Caffeine consumption through ingestion of coffee, tea, soda, energy drinks, and oral supplements in United States is significant and represents a growing health concern. Numerous reports of adverse events owing to caffeine consumption can be found in the literature and appear to be on the rise [10,11,14,19-26]. While caffeine-related adverse events are often reversible, fatalities have been attributed to unintentional caffeine consumption [11,19,21]. One reason for the apparent increase in caffeinerelated adverse events may well be the general availability of caffeinated beverages. Additionally, caffeine-containing oral supplements marketed as energy boosters or weight loss supplements are widely available in numerous retail settings. It is very likely that consumers are unaware of how much caffeine they are consuming on a daily basis . Caffeine content in OTC oral products is typically not regulated nor are quality assurance standards required as these products make no specific therapeutic claim. Despite disclosure of caffeine content on the product label, consumers should be cautious of the actual versus stated amount indicated on the label. The present study investigated three products readily available at gas stations, large retailers, and nutrition centers for caffeine content. A reverse-phase HPLC method attempted to validate the stated caffeine content for each product. The products investigated, Swarm, Black Jax, and Hydroxy-Cut, are all readily available over the counter. The stated caffeine content in each capsule was 300 mg for Swarm, 250 mg for Black Jax, and 135 mg for Hydroxy-Cut. The AUC data obtained from sample analysis suggests that the actual caffeine content for Swarm and Black Jax is close to the stated value on the product with Black Jax being close to 2% below the stated value and Swarm being 11% above the stated value. However, Hydroxy-Cut has closer to 160 mg of caffeine per capsule which is greater than 20% more caffeine than stated on package labelling. Table 1 illustrates the average concentration values obtained using AUC data for 6 individual runs for each supplement tested as well as the percentage difference between stated and actual caffeine content. Keeping in mind that pharmaceutical products must be within ± 10% of the stated potency, Black Jax and Swarm contained close to the labelled caffeine content despite not being regulated. The additional caffeine detected in Hydroxy- Cut is not surprising. It is possible that the manufacturer of Hydroxy-Cut produces capsules with additional caffeine in order to compensate for degradation. However, caffeine is a rather robust small molecule and is not noted to undergo decomposition unless subjected to harsh alkaline conditions. When exposed to 1N sodium hydroxide for a brief period of time we were able to detect degradation of caffeine (data not shown). Proper storage of product should prevent degradation thus obviating the need to add additional caffeine to any product. However, the label for Hydroxy-Cut lists a “proprietary blend” of ingredients, some of which may contribute to the additional caffeine detected. Natural sources of caffeine including tea leaves, yerba mate and/or guarana may contain varying amounts of caffeine. When these botanicals are combined with known amounts of caffeine to produce supplements, the detected amount of caffeine has been reported to be significantly higher than similar products without botanical . It is reasonable to suggest that the blend of botanicals used in Hydroxy-Cut is contributing to the higher than expected caffeine content in this product.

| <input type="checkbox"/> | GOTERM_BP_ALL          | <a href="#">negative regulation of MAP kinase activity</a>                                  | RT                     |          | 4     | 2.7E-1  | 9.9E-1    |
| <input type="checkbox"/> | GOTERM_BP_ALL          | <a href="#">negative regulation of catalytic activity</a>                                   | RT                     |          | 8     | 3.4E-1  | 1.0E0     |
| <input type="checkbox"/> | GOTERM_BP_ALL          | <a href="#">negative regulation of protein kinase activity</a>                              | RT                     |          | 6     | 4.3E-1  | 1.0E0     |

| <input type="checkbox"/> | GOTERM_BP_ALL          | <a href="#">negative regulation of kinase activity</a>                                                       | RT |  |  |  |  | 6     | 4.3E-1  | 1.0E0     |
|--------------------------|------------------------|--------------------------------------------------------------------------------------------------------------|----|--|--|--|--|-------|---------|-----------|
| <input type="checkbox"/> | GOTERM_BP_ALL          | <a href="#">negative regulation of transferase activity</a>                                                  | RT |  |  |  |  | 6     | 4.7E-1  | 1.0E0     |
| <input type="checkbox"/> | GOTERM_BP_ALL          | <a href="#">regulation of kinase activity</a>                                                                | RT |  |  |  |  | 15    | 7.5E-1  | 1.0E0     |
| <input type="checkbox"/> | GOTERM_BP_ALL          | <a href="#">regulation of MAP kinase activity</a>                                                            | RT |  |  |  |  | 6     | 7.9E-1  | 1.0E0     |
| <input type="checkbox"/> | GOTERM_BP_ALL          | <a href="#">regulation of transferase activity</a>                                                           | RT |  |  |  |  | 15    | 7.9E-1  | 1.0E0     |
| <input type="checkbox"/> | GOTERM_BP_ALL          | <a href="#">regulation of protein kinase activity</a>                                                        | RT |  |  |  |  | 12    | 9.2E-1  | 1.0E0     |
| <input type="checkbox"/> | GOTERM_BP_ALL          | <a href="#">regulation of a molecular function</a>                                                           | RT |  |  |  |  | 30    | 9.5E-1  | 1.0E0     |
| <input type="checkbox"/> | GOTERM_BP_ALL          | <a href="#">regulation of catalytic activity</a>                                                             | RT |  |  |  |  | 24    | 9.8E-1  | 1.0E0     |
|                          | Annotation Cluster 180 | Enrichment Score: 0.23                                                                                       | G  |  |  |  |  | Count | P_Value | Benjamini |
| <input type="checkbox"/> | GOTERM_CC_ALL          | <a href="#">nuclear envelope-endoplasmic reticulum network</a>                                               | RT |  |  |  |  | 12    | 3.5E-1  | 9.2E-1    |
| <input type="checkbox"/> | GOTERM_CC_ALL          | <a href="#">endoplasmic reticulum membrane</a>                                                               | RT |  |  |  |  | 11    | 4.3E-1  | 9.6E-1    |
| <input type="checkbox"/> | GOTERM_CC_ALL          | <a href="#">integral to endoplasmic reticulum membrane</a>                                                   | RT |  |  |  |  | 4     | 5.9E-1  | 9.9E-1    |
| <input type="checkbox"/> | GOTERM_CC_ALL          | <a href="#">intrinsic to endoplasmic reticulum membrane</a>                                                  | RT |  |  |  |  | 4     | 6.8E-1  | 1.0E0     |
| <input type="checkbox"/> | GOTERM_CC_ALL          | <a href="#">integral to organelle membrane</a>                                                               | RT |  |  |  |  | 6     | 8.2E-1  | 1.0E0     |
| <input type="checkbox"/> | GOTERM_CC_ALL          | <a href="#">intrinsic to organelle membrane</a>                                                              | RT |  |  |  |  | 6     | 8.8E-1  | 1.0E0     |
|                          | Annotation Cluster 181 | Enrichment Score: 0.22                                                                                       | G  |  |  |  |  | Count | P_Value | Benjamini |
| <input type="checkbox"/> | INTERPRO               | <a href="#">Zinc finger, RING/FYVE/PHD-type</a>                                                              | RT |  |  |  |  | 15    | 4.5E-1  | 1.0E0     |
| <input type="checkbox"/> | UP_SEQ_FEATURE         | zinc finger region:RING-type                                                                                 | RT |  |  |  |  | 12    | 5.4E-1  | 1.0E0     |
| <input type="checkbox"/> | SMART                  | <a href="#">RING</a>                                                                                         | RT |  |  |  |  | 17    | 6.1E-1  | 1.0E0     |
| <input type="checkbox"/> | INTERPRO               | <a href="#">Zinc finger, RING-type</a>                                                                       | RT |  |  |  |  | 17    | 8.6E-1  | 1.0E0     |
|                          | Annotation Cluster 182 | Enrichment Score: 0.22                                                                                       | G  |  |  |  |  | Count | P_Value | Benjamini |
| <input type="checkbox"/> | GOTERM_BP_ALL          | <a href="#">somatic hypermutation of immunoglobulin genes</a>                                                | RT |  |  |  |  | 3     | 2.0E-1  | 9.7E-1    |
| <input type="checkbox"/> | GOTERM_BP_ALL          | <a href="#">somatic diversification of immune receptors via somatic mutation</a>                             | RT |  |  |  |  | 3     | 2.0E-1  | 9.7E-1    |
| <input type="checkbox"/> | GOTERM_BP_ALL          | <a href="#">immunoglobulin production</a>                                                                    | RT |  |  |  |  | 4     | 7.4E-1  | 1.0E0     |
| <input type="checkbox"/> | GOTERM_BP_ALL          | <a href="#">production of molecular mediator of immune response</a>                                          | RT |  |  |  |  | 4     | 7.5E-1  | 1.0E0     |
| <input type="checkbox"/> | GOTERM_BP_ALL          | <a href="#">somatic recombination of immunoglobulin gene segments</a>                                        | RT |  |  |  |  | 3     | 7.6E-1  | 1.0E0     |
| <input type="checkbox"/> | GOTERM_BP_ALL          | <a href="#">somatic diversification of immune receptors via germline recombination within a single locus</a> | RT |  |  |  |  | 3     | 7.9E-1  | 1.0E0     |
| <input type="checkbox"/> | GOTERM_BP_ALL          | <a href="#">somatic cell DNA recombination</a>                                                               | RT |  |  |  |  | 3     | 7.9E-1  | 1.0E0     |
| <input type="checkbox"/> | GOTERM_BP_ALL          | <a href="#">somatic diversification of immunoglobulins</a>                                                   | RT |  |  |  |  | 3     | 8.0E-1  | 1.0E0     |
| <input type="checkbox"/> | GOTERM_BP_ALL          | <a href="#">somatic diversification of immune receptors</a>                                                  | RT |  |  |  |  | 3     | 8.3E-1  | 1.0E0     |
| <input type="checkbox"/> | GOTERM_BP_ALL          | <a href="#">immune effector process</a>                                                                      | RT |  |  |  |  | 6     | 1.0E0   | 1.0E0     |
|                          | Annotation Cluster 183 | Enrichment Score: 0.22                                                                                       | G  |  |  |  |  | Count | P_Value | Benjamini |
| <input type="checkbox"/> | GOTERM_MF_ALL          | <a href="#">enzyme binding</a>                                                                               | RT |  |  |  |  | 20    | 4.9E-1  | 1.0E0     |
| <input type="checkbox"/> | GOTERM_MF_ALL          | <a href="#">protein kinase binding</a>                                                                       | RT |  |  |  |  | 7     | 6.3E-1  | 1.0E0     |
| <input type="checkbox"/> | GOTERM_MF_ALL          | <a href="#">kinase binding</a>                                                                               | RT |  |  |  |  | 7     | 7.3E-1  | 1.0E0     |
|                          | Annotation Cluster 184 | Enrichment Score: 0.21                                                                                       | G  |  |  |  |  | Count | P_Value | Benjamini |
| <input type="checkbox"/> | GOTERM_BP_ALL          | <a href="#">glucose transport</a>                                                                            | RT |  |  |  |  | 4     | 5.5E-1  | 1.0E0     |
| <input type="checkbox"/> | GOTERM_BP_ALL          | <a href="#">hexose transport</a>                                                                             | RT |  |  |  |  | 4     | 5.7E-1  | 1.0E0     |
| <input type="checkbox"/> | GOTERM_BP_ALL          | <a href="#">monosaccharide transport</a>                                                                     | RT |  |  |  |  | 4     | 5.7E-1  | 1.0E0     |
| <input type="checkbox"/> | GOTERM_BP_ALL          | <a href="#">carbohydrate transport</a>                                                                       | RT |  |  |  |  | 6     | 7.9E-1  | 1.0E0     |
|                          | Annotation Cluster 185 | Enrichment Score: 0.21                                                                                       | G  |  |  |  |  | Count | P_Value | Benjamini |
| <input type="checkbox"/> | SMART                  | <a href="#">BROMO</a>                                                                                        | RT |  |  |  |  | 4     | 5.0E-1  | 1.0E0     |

|Products||Theoretical concentration (mg/mL after dilution)||Detected concentration (mg/mL)||Percent difference|
Table 1: The average concentration values obtained as well as the percentage difference between stated and actual caffeine content.
Caffeine is ubiquitous in society and consumed in numerous forms. Beverages including Mountain Dew®, Pepsi®, and Coke® have stated caffeine concentrations of up to 55 mg, 39 mg, and 35 mg per serving, respectively. The caffeine content in energy drinks such as 5-hour Energy® and Red Bull® are reported to be 207 mg and 80 mg of caffeine per serving, respectively. This amount of caffeine is consistent with typical consumption from coffee and otherwise not concerning or expected to result in any severe adverse effects. What is concerning however, is the rate at which an individual can ingest significant amounts caffeine. It is certainly possible to ingest several cans of soda or several 5-Hour Energy drinks in a short period of time. Ingesting 4 capsules of Swarm, which would amount to a total of 1200 mg caffeine, could also easily be accomplished in a rapid fashion. More concerning is that these oral products may be ingested using a caffeinated beverage. While the Food and Drug Administration has proposed measures to reduce the risk of adverse effects associated with energy drink consumption, additional measures are required to help educate society on the dangers of excessive caffeine intake and the products that pose the greatest risk . While this study demonstrated that some caffeinated supplements have good agreement between the stated content and actual caffeine content, products may exist which have excessive caffeine or other toxic substances putting the consumer at risk for adverse effects. Accurate labels and information on the safe use of caffeine is needed for the public. In addition, strategies need to be developed to prevent unnecessary adverse effects from excessive caffeine ingestion .
In conclusion, this study involved the development of an HPLC method to identify and quantitate caffeine in several readily accessible supplements. Calculated caffeine values derived from AUC data were compared to stated values on supplement labels. Of the three supplements investigated, the caffeine content detected in Hydroxy-Cut was consistently 20% above the stated value. It is quite possible that the use of natural sources of caffeine in supplements contributes to the variability in actual caffeine content as noted in Hydroxy-Cut. Given that supplements are not subject to rigorous quality standards, it is critical for consumers to be aware of the actual amount of caffeine they may be ingesting. Likewise, data showing that a product is devoid of a stated ingredient would be just as critical. While this study only looked at three supplements available from online vendors or gas stations, numerous supplements remain widely available to the public which creates concern and opportunity at the same time. More analysis of supplements is required in order to keep the best interest of the public.
The authors would like to thank Dr. Paluri Sai Shantanu Rao for careful review of this manuscript. Support for this project was provided by the College of Pharmacy at The University of Findlay.
The authors declare no potential conflicts of interest.